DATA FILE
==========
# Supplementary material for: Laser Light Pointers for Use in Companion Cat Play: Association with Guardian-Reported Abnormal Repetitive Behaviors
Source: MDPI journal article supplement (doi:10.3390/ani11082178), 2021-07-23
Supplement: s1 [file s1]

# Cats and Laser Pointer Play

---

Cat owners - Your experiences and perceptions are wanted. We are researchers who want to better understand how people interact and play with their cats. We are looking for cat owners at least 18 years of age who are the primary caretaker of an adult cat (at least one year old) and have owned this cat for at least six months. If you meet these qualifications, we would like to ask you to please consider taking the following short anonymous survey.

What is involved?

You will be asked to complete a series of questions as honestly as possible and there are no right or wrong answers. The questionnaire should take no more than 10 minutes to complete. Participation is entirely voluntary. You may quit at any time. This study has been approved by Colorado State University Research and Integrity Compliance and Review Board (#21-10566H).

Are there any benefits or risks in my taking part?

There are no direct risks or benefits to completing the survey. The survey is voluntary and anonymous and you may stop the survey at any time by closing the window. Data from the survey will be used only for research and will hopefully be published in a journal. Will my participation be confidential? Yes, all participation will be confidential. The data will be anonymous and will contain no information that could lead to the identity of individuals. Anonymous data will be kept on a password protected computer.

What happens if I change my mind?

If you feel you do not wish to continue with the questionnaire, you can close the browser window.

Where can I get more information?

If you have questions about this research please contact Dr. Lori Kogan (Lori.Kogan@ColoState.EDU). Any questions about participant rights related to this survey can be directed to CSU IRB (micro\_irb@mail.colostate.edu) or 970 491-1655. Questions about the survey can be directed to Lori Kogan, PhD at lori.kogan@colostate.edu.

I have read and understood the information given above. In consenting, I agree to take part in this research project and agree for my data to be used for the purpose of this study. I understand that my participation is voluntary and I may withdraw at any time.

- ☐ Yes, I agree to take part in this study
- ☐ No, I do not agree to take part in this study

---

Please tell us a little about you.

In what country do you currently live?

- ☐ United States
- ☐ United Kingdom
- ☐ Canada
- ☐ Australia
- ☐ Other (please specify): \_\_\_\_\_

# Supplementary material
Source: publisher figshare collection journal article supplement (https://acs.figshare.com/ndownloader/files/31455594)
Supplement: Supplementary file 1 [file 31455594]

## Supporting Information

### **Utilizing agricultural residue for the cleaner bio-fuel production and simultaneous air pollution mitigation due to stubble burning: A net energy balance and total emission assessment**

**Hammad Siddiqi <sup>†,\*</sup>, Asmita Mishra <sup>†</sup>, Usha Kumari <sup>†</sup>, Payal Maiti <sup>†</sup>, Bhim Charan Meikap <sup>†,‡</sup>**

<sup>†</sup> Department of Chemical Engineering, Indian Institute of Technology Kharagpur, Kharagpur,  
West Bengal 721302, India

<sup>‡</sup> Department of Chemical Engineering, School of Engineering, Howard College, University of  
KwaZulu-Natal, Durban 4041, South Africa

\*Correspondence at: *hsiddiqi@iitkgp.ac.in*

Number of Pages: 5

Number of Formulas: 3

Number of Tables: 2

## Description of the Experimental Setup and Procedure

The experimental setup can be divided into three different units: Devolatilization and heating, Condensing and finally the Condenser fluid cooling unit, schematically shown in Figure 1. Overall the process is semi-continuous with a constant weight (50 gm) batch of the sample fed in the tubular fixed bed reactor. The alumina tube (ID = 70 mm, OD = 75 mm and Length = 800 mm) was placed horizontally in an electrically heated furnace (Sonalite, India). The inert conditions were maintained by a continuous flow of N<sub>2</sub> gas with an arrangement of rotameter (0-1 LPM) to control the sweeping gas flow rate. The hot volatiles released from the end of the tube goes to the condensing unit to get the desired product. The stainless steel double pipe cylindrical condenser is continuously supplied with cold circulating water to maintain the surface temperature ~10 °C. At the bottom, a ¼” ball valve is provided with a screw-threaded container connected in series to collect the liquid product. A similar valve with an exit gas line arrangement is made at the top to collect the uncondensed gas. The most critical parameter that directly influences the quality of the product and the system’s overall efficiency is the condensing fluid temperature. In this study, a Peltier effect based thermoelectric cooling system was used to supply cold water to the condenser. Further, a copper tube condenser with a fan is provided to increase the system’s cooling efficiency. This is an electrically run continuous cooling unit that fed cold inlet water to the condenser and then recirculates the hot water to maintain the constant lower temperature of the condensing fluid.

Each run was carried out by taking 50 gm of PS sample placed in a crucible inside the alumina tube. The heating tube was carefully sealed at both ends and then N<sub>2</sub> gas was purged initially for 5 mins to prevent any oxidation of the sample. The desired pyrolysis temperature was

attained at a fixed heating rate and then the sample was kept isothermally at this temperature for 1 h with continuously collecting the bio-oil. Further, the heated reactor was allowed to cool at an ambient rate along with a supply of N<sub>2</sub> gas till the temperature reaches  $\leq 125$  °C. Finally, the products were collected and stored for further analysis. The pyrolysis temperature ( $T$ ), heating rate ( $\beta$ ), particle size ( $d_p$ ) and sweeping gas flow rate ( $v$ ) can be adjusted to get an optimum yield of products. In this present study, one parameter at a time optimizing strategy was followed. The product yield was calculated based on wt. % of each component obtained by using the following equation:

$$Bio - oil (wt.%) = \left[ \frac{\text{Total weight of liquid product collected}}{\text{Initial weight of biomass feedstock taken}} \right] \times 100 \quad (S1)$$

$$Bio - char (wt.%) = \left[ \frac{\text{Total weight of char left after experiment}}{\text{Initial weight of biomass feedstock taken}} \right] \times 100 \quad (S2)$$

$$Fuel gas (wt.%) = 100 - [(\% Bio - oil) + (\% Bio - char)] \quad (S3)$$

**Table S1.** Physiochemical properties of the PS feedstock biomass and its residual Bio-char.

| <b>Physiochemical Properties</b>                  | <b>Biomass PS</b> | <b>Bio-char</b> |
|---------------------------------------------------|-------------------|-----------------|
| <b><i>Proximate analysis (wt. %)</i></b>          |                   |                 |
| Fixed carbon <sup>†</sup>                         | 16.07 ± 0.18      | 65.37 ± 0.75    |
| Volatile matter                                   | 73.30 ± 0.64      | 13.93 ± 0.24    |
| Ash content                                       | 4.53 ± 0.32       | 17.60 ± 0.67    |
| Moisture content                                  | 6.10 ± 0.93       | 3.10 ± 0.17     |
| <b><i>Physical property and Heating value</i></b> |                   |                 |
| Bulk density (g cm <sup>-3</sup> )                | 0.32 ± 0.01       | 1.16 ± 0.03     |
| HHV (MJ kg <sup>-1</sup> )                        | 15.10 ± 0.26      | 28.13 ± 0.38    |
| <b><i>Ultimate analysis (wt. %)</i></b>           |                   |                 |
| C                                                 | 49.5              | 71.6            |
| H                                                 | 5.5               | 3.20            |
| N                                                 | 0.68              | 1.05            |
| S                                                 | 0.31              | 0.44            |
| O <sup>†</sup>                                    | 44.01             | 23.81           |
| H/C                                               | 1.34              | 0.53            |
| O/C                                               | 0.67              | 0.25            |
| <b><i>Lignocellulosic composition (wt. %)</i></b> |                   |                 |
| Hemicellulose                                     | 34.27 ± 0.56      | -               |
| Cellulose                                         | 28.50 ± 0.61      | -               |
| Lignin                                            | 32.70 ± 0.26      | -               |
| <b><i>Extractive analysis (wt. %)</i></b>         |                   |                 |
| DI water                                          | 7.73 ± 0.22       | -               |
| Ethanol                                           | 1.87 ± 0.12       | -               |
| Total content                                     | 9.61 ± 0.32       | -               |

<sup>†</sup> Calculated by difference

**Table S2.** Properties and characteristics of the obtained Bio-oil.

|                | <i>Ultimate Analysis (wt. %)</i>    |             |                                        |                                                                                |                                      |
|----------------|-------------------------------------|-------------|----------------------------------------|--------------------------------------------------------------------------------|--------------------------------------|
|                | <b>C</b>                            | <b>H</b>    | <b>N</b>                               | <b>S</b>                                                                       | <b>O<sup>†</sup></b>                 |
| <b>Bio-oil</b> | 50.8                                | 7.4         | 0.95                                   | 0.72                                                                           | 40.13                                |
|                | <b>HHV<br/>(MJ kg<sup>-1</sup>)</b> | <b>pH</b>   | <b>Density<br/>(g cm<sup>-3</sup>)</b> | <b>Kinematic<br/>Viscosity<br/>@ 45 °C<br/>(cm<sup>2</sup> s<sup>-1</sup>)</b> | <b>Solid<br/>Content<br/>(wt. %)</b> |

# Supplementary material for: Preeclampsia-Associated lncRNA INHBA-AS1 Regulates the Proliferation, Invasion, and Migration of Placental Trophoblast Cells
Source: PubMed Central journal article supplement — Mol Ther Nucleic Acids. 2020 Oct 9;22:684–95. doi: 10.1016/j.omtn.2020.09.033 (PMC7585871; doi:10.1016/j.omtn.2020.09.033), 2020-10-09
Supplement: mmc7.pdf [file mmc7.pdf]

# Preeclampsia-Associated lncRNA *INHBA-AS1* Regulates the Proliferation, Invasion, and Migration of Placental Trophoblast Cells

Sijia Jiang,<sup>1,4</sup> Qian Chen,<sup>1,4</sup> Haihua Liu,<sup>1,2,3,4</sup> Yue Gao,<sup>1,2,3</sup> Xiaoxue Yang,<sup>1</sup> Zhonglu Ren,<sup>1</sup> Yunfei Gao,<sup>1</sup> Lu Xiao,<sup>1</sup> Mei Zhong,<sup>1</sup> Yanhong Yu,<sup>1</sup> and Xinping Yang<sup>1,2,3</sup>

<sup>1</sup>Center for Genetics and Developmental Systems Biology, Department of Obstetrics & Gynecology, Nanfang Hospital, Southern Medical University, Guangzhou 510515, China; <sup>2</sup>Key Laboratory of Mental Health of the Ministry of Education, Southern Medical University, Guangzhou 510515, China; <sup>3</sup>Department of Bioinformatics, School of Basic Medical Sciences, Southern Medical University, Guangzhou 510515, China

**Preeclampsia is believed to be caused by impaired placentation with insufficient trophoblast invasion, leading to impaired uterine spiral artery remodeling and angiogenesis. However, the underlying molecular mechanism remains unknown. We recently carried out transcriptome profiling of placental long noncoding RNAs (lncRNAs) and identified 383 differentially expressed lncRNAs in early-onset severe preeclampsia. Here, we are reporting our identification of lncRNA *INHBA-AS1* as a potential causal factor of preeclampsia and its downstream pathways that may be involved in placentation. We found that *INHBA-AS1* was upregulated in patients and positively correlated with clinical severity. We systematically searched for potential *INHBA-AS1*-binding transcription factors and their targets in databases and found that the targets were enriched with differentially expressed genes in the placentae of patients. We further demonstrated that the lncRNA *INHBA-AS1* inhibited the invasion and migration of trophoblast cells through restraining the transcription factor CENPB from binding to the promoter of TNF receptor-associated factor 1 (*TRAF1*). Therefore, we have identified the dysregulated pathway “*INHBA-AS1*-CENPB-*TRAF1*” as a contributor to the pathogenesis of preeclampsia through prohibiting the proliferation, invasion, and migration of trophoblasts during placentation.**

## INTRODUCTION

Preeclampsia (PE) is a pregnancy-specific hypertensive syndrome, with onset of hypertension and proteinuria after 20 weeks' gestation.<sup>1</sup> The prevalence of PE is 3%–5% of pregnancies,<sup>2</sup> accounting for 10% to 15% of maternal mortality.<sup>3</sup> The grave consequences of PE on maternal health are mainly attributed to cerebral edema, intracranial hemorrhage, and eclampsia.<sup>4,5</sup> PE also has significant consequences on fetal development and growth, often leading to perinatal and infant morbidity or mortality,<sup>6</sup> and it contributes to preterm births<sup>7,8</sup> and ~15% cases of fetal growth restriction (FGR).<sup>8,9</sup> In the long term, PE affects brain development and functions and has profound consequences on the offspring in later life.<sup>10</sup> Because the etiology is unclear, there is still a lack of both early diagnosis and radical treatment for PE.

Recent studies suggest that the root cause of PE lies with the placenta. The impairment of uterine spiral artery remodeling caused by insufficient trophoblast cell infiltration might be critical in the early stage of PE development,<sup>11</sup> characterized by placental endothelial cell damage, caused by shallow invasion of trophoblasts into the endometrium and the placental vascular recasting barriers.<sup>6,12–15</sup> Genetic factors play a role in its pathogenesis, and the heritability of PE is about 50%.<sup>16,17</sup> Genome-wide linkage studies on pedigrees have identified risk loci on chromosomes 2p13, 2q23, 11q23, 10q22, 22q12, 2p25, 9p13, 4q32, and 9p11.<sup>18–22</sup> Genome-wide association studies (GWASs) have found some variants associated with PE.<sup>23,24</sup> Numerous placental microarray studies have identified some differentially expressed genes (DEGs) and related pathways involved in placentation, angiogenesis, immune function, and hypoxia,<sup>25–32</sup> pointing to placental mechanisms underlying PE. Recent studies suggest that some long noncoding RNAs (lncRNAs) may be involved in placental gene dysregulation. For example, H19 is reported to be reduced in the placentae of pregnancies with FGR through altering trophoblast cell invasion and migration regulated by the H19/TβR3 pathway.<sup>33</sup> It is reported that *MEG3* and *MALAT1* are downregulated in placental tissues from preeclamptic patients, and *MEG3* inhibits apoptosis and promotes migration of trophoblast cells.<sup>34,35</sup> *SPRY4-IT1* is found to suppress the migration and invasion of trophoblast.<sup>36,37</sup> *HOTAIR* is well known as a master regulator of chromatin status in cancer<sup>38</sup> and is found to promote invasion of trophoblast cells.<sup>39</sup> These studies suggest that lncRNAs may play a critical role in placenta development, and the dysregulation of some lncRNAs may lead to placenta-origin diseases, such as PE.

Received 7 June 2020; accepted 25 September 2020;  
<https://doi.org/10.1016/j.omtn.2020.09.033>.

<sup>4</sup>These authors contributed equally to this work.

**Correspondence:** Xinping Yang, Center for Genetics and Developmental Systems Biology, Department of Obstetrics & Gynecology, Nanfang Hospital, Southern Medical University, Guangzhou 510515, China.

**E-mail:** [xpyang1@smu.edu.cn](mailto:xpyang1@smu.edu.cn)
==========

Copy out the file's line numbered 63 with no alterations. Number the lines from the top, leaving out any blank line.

| O <sup>†</sup>                                    | 44.01             | 23.81           |